Using language of adoration or vilification and everything in between, Pope Francis has been described as many things by many people. Yet the Pontiff has never been labelled a contemplative. Until today, when the Bishop of Rome labelled himself exactly that.
During Mass on Feb. 3 in the Domus Sanctae Marthae where he lives, Pope Francis cited the importance—and the simplicity—of being a contemplative and how he practices that form of prayer.
Pope Francis used that day’s Gospel story (Mark 5:21-43) and discussed the contemplative practice of visualizing the story in your mind’s eye. “I see Jesus was in the midst of the crowd; there was a big crowd around him,” the Pope said about the scene. This soon prompted him to ask, “Didn’t Jesus ever rest? I can think: Always with a crowd. Most of Jesus’ life was spent on the road, with the crowd. Was there no rest?”
Francis then gave contemplative prayer a simple and profound explanation. “What I just did with this Gospel is the prayer of contemplation,” Francis said, which involves, “taking the Gospel, reading it, imagining myself in the scene, imagining what happens and talking to Jesus about whatever is in my heart.”
Perhaps because of Pope Francis’ reputation as “man of the people,” who is adept in administration and quick to candor, it is so hard to see him as a practitioner of contemplative prayer. Or perhaps the reason is because Catholic-lore has often portrayed “contemplatives” as a distinct subset of men and women removed from society in a cloister or hermitage, spending a superhuman quantity of hours in meditation on divinity. .
Whatever the cause, the assumptions remain that contemplative prayer is for the elite few and labelling someone contemplative is asserting that they have large quantities of time to hunker down and commune with the Lord.
Pope Francis says those assumptions are not true. He suggested in his homily that everyone spend 10 minutes a day in contemplative prayer. “Today find 10 minutes — 15 at the most — and read the Gospel, imagine the scene and say something to Jesus. Nothing more,” the Pope said.
Mother Cabrini’s accomplished so much in so little time that it is reasonable to assume that she did not have the time for contemplative prayer—at least in our traditional notion of long, arduous contemplation. After all, hospitals and orphanages and nursing homes don’t build themselves. Saint Frances Xavier Cabrini biographer Segundo Galilea agrees, saying “Frances Xavier felt the chronic fatigue of twenty-five years of missionary activity. She felt the burden of founding, struggling against obstacles, which would have disheartened anyone…”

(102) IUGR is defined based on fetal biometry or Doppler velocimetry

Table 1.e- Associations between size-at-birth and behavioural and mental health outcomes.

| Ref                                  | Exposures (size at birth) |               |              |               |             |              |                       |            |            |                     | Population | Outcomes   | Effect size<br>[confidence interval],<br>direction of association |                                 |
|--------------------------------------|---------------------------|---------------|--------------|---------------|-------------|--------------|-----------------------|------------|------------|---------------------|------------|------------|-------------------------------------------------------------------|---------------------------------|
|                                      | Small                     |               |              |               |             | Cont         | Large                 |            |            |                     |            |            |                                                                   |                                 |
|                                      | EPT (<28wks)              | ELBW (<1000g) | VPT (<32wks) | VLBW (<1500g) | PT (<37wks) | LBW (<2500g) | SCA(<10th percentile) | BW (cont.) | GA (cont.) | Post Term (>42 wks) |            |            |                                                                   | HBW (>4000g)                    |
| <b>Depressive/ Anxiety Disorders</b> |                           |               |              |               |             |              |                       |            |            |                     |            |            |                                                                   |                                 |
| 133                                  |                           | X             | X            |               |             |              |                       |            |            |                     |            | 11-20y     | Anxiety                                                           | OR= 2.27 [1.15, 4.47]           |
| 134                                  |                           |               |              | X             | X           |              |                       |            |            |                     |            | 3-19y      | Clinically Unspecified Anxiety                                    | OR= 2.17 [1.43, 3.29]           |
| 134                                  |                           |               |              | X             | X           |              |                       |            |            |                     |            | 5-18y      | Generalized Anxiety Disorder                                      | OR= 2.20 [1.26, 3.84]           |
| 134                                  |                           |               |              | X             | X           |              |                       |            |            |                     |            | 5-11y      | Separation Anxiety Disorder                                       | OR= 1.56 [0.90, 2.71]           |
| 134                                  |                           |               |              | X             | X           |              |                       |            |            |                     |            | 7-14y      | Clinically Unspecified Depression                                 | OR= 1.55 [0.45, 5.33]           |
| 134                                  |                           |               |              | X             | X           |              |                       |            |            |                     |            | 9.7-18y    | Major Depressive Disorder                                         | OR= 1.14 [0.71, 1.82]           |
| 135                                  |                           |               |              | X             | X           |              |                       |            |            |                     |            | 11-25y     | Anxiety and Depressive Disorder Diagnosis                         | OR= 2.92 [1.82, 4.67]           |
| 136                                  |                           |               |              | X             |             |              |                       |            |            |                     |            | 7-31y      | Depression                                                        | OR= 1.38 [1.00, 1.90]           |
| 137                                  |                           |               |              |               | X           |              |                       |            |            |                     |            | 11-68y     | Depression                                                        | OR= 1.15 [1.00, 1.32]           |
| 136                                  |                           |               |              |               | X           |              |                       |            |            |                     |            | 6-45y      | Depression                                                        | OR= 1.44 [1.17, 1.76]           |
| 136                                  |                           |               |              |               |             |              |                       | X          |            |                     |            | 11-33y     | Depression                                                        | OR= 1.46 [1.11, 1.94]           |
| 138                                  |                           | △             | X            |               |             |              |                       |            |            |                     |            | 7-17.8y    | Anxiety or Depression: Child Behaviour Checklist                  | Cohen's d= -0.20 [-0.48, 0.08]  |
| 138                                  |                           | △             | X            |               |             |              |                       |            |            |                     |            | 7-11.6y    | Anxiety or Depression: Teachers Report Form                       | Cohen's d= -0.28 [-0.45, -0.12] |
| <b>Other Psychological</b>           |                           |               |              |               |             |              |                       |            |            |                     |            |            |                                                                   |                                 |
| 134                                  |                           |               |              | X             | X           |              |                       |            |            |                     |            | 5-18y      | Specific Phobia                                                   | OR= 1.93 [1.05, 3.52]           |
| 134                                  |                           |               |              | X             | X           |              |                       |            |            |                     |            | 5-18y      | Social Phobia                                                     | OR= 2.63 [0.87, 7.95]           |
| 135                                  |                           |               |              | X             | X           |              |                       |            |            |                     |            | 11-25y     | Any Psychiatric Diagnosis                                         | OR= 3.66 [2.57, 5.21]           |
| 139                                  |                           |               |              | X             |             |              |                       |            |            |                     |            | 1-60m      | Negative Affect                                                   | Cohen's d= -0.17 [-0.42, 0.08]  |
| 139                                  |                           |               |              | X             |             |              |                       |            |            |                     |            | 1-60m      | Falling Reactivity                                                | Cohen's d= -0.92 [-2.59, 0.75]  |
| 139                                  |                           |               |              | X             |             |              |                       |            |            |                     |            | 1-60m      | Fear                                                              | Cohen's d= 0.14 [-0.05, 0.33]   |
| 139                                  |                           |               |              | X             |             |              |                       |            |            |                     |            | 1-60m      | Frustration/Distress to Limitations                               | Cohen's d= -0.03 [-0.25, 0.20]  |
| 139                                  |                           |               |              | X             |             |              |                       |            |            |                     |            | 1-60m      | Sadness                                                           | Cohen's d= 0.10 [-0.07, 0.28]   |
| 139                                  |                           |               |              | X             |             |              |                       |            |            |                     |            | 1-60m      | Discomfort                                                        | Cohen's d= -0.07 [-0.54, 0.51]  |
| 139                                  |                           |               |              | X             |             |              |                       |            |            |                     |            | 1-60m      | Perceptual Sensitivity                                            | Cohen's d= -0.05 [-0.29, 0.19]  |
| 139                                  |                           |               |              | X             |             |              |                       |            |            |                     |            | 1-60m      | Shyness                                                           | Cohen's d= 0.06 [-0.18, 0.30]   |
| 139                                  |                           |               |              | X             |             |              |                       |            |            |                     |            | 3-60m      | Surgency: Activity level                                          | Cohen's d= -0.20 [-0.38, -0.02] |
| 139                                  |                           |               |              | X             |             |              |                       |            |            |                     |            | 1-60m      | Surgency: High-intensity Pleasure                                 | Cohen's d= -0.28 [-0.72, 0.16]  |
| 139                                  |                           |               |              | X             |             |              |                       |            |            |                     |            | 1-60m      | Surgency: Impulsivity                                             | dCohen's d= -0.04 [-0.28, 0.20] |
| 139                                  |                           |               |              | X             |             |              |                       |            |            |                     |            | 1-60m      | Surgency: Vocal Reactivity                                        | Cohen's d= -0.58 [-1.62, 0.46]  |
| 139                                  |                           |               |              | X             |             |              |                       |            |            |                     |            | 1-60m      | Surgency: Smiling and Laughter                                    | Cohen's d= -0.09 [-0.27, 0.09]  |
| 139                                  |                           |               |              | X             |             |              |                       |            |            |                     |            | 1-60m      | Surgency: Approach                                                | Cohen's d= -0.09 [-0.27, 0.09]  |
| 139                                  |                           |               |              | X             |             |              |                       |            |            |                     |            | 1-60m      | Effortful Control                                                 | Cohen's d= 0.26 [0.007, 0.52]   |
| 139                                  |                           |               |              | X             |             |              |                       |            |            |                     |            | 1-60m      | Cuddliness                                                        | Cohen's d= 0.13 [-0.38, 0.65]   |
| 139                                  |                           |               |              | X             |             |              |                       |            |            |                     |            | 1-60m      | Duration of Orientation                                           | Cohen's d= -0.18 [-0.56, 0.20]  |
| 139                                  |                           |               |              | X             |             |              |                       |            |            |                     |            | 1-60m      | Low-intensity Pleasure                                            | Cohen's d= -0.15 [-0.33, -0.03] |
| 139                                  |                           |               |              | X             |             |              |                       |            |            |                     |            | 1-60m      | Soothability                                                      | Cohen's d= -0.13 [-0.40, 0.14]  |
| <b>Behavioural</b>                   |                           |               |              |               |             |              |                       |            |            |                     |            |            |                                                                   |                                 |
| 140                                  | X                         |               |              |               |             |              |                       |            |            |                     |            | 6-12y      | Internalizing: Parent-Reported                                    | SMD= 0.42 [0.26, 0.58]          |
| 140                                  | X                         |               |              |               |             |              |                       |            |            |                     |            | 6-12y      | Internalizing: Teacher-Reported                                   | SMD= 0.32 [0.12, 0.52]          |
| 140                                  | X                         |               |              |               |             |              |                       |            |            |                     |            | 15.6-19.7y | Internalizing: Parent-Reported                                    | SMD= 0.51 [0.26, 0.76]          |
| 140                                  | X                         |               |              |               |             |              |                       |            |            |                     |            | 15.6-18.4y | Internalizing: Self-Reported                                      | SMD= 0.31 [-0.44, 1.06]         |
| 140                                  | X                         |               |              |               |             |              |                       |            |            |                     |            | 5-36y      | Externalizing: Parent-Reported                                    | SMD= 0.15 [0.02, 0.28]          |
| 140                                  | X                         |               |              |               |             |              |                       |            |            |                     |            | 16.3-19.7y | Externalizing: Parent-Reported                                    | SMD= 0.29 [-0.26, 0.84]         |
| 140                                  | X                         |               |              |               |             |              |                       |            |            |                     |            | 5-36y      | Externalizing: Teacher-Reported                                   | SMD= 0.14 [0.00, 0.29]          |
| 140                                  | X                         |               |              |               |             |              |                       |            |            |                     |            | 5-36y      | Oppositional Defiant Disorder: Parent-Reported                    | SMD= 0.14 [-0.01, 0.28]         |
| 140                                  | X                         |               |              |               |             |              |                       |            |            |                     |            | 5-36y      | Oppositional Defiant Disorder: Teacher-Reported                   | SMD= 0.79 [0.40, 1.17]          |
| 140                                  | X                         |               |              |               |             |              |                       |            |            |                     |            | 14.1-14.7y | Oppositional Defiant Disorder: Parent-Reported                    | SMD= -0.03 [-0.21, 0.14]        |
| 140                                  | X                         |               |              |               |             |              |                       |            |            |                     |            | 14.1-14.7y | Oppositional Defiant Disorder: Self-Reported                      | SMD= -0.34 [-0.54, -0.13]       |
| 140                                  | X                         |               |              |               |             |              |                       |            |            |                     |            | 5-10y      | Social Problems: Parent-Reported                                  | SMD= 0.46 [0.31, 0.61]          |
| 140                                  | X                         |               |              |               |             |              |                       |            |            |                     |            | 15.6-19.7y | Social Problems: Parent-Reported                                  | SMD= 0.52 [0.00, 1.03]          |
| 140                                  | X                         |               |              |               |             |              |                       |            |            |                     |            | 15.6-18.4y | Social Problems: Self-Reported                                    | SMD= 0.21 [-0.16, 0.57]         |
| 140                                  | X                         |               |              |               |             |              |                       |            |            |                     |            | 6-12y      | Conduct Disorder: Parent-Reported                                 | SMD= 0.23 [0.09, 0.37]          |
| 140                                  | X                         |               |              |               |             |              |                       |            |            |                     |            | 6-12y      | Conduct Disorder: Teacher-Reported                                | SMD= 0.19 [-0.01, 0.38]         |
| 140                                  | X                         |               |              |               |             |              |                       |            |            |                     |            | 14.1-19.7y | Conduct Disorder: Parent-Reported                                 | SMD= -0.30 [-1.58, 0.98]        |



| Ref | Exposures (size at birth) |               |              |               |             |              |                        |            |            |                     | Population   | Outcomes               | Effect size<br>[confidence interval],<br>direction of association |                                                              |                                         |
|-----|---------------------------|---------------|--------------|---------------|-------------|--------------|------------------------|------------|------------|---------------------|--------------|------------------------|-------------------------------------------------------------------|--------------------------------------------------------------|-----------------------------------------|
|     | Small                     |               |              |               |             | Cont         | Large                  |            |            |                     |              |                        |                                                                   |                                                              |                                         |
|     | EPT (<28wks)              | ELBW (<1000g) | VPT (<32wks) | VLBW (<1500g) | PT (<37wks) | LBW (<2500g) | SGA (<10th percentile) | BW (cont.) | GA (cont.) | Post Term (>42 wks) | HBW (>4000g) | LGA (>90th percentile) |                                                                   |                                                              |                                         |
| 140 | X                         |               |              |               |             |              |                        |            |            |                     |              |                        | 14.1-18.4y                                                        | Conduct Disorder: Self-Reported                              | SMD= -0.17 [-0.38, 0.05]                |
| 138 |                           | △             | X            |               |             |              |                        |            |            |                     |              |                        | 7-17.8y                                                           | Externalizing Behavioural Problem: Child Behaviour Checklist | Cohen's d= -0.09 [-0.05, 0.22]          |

Galilea says about Mother Cabrini exactly what Pope Francis told the world on Feb. 3. Namely, that you can be active and busy, accomplishing a great deal in a hectic world, and still find time to be a modern contemplative. Galilea says of Mother Cabrini: “She learned to love Jesus in her immigrant brothers and sisters. This mission, therefore, was her life, although the contemplative trait remained. She felt it in the course of her long journeys, in certain moments of retreat…”
Galilea tells us that the Saint was like today’s Pope. “Mother Cabrini from childhood was a woman of prayer, a contemplative. What filled her life was God; not what she did for God.”
If the Pope and a Saint can find time for contemplative prayer and to be “contemplatives” while building historic resumes of achievement, then no one else can claim to have too little time. As Pope Francis said on Feb. 3, “Today find 10 minutes — 15 at the most — and read the Gospel, imagine the scene and say something to Jesus. Nothing more. Your knowledge of Jesus will increase and your hope will grow.”
Nothing more than gaining knowledge of Christ and growing hope? Well then—nothing more than gaining everything.
By Christopher Grosso, Senior Writer, Cabrini College